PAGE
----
Teams & Groups

Absenteeism and Work-Units

Employee absenteeism can be very costly to the organization. With the average daily cost for an absent employee estimated at $500, it becomes obvious that an annual decrease of one absence per employee can add up to substantial gains for an organization.

Looking at Absenteeism

Researchers and organizations alike have often considered absenteeism to be an individual problem. The standard solution has been to take action to minimize the absences of those individuals who have higher absenteeism rates. While this is not to be discounted as a strategy, looking at work-units as a whole is emerging as a less resource intensive, but equally effective, method of decreasing absenteeism.

Why Work-Units?

Work-units, a collective group of employees with similar jobs, supervisors, and hierarchical positions in the organization, tend to share similar attitudes about the organization and job. Theoretically, as new members join the group, the collective attitudes of the group influence the new members, leading to more cohesion throughout the group. The two most important attitudes, as they relate to absenteeism, are job satisfaction and organizational commitment.

Job Satisfaction

The collective sense of satisfaction with important aspects of the job, like supervision, coworkers, and job activities, is known as unit-level job satisfaction. It has been found that higher levels of job satisfaction for the collective work group are related to decreased absenteeism. Some of the potential reasons for this relationship include:
  • A greater sense of community and involvement among work-unit members
  • Greater levels of support from coworkers within the unit for emotional (e.g., coping with personal issues) and logistic (e.g., transportation problems) causes of absenteeism
  • The emergence of a culture with an emphasis on coming to work to support the other members of the work-unit

Organizational Commitment

An overall sense of attachment to the organization is described as unit-level organizational commitment. Similar to job satisfaction, more organizational commitment for the work-unit tends to lead to decreased absenteeism. Greater amounts of organizational commitment may lead to a more intense desire to do what is right for the organization, such as attending work whenever possible.

Joint Effects of Job Satisfaction and Organizational Commitment

While job satisfaction and organizational commitment have been independently related to absenteeism, the combined effect of these two can be exponential. In other words, when a work-unit has high levels of both job satisfaction and organizational commitment absenteeism rates are much lower than when only one of the attitudes is high or when neither is high. Interestingly, it appears that organizational commitment is more important to absenteeism than is job satisfaction, because the beneficial effects of high levels of job satisfaction are minimized when organizational commitment is low, while the inverse is not necessarily true.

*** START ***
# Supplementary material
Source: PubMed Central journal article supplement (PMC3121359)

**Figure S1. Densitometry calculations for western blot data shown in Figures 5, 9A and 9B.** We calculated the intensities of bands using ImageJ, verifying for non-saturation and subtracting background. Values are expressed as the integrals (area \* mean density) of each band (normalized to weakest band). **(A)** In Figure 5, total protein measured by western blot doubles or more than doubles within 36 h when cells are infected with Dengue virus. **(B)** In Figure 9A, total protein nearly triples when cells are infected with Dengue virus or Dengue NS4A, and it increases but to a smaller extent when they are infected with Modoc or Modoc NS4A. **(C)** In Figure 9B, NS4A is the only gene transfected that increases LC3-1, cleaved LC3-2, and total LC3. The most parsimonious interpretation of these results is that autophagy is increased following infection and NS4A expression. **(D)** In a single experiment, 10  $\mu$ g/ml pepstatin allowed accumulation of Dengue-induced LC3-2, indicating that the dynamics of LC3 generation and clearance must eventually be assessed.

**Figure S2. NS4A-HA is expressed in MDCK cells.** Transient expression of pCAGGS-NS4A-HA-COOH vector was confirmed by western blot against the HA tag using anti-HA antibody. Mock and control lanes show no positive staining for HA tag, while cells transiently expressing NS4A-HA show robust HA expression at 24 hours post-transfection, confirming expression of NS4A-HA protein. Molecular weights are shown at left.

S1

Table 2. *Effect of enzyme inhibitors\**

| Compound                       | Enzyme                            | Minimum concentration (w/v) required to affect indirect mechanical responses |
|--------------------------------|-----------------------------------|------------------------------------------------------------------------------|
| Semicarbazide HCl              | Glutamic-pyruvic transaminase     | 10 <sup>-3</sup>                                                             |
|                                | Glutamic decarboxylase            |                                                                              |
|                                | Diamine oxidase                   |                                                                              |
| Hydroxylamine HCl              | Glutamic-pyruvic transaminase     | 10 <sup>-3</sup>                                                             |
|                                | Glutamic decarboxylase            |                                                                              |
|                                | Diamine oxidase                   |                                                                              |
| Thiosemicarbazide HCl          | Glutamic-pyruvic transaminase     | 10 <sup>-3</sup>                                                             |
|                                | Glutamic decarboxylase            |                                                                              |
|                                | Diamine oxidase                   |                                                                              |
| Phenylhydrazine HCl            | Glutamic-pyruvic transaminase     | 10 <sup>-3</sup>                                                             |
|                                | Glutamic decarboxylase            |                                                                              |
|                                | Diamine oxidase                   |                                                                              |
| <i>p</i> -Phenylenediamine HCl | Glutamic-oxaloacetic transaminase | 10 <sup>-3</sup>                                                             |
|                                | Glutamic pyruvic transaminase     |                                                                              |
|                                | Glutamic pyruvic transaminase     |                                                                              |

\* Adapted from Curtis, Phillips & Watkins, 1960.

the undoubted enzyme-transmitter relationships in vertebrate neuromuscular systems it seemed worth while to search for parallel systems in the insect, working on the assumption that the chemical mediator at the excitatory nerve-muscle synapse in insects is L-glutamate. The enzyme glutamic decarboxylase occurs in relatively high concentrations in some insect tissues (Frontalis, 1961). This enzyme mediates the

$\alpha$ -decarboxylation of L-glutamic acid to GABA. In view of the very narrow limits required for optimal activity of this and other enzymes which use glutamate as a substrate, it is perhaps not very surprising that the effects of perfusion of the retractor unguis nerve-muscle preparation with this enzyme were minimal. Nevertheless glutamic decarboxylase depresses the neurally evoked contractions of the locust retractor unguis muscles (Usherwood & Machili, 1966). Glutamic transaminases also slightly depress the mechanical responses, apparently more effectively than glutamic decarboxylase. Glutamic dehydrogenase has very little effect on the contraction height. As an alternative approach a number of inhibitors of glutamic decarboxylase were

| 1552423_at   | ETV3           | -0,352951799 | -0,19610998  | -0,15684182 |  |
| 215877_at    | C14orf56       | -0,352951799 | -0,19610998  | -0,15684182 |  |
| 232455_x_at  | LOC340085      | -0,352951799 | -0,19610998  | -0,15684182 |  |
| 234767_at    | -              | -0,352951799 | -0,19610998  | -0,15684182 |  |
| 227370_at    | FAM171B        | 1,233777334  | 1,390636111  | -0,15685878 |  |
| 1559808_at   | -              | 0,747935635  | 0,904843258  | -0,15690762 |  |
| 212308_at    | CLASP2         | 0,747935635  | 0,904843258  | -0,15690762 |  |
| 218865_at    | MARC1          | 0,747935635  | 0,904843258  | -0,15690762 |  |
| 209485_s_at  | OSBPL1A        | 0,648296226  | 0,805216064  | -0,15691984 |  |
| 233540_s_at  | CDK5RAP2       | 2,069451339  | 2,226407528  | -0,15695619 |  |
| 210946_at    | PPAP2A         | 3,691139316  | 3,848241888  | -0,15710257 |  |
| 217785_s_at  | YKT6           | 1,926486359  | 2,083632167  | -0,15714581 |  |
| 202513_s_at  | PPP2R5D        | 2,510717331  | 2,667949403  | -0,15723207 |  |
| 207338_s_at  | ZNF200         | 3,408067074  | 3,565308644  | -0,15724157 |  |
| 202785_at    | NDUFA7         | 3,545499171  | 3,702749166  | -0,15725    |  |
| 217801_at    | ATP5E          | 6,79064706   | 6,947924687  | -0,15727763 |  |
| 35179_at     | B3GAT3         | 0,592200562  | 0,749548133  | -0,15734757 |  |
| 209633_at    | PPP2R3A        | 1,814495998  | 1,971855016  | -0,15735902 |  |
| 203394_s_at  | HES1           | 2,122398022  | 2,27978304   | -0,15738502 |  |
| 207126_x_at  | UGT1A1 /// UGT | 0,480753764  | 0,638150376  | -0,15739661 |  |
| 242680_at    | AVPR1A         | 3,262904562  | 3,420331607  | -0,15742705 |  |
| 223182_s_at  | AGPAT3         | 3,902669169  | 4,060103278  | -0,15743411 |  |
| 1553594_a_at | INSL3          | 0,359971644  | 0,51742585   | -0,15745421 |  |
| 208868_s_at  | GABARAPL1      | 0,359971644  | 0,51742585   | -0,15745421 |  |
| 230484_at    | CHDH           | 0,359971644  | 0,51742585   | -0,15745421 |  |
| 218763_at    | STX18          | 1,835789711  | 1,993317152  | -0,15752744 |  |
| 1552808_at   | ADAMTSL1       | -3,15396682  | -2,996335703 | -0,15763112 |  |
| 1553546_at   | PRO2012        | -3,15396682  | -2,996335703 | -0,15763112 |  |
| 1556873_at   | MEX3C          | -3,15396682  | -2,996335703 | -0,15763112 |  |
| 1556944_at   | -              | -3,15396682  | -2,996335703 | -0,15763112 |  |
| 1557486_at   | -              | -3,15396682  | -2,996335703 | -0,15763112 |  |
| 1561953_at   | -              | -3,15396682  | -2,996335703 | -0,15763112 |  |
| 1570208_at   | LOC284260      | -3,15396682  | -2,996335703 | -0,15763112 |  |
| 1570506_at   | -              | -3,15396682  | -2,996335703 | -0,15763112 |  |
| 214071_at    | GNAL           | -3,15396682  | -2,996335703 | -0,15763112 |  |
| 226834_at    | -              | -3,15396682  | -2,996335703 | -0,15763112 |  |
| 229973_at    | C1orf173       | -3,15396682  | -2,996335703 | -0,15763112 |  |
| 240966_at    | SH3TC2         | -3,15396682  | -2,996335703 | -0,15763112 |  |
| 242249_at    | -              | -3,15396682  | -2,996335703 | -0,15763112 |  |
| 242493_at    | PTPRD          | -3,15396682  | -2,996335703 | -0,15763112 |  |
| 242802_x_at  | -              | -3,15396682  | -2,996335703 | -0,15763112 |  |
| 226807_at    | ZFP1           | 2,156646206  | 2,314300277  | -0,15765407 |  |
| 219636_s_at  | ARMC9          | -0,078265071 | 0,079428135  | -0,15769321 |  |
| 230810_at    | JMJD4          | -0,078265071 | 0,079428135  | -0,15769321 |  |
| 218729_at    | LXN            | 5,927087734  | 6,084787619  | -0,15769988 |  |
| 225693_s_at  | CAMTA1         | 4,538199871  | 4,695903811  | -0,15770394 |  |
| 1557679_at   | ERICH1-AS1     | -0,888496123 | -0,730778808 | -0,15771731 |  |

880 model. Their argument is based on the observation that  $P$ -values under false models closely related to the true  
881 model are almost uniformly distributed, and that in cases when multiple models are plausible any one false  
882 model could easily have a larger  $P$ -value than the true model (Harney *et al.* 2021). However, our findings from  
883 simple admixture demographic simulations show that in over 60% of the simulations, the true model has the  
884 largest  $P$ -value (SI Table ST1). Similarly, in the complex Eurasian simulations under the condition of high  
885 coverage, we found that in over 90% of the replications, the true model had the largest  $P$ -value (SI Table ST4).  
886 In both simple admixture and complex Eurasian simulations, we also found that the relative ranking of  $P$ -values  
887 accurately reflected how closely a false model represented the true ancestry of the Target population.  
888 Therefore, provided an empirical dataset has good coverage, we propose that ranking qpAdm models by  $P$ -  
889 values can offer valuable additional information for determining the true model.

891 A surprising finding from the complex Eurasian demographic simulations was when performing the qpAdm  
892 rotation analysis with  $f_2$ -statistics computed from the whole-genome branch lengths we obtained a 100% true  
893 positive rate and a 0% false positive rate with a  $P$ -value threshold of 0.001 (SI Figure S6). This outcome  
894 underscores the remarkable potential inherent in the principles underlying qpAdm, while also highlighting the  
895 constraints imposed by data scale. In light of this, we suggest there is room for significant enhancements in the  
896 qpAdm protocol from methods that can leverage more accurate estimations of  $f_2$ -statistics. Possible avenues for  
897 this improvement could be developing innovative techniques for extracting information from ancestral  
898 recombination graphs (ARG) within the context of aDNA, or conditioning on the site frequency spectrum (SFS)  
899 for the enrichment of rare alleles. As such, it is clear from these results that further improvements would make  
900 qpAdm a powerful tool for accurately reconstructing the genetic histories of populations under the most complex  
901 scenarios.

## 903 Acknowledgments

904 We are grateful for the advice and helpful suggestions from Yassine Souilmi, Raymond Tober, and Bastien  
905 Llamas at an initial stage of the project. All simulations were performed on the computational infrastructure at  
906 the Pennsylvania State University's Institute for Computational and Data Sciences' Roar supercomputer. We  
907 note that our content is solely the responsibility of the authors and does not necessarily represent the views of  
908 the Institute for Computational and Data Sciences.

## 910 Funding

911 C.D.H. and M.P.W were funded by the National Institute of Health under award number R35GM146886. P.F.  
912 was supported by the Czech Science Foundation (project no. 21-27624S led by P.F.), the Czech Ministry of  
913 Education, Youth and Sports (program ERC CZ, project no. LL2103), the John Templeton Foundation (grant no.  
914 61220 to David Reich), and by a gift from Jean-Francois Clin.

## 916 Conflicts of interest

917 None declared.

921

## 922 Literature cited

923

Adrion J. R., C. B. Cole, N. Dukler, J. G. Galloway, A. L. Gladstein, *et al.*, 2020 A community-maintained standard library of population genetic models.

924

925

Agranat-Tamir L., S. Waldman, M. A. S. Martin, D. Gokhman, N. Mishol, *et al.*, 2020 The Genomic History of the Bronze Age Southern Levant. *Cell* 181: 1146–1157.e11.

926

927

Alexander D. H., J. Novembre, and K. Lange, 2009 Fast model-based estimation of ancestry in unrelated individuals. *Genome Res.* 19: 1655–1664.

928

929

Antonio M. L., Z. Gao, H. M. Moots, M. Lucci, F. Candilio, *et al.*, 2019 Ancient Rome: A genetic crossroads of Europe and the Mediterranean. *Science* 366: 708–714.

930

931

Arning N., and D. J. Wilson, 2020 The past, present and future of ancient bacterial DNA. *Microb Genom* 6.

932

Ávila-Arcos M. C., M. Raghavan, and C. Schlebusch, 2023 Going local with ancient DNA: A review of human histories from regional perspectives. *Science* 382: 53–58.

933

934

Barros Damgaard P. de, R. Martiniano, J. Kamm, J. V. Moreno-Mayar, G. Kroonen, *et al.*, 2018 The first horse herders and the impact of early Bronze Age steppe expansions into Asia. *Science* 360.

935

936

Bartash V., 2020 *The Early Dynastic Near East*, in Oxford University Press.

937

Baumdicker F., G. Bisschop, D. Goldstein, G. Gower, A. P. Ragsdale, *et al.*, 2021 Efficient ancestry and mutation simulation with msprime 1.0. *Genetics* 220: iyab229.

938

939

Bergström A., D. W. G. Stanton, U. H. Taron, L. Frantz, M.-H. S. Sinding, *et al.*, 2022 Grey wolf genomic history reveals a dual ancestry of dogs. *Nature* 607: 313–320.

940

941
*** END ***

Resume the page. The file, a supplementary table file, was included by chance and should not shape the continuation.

Practical Implications

A new picture is being painted regarding absenteeism at the unit-level, suggesting that undertaking process changes designed to increase organizational commitment and job satisfaction of a unit may be fruitful endeavors. Since the concept of examining unit-level absenteeism is a fairly new one, interventions designed to increase organizational commitment, job satisfaction, or both at the unit-level have not been tested. One suggestion is to implement unit-level absenteeism goals and absenteeism competitions across units, each with substantive rewards, as this may lead to more cohesive groups and greater levels of organizational commitment and job satisfaction.

Final Thoughts

The relationships between organizational commitment, job satisfaction, and absenteeism suggest that work units create their own unique cultures, separate from those of the organization. For the organization as a whole to realize decreased levels of absenteeism, each of these unique cultures needs to be developed such that absenteeism within the work-unit is not an acceptable practice.

David Daly


This was a summary of the research and practice implications from: Hausknecht, J. P., Hiller, N. J., & Vance, R. J. (2008). Work-unit absenteeism: Effects of satisfaction, commitment, labor market conditions, and time. Academy of Management Journal, 51, 1223-1245.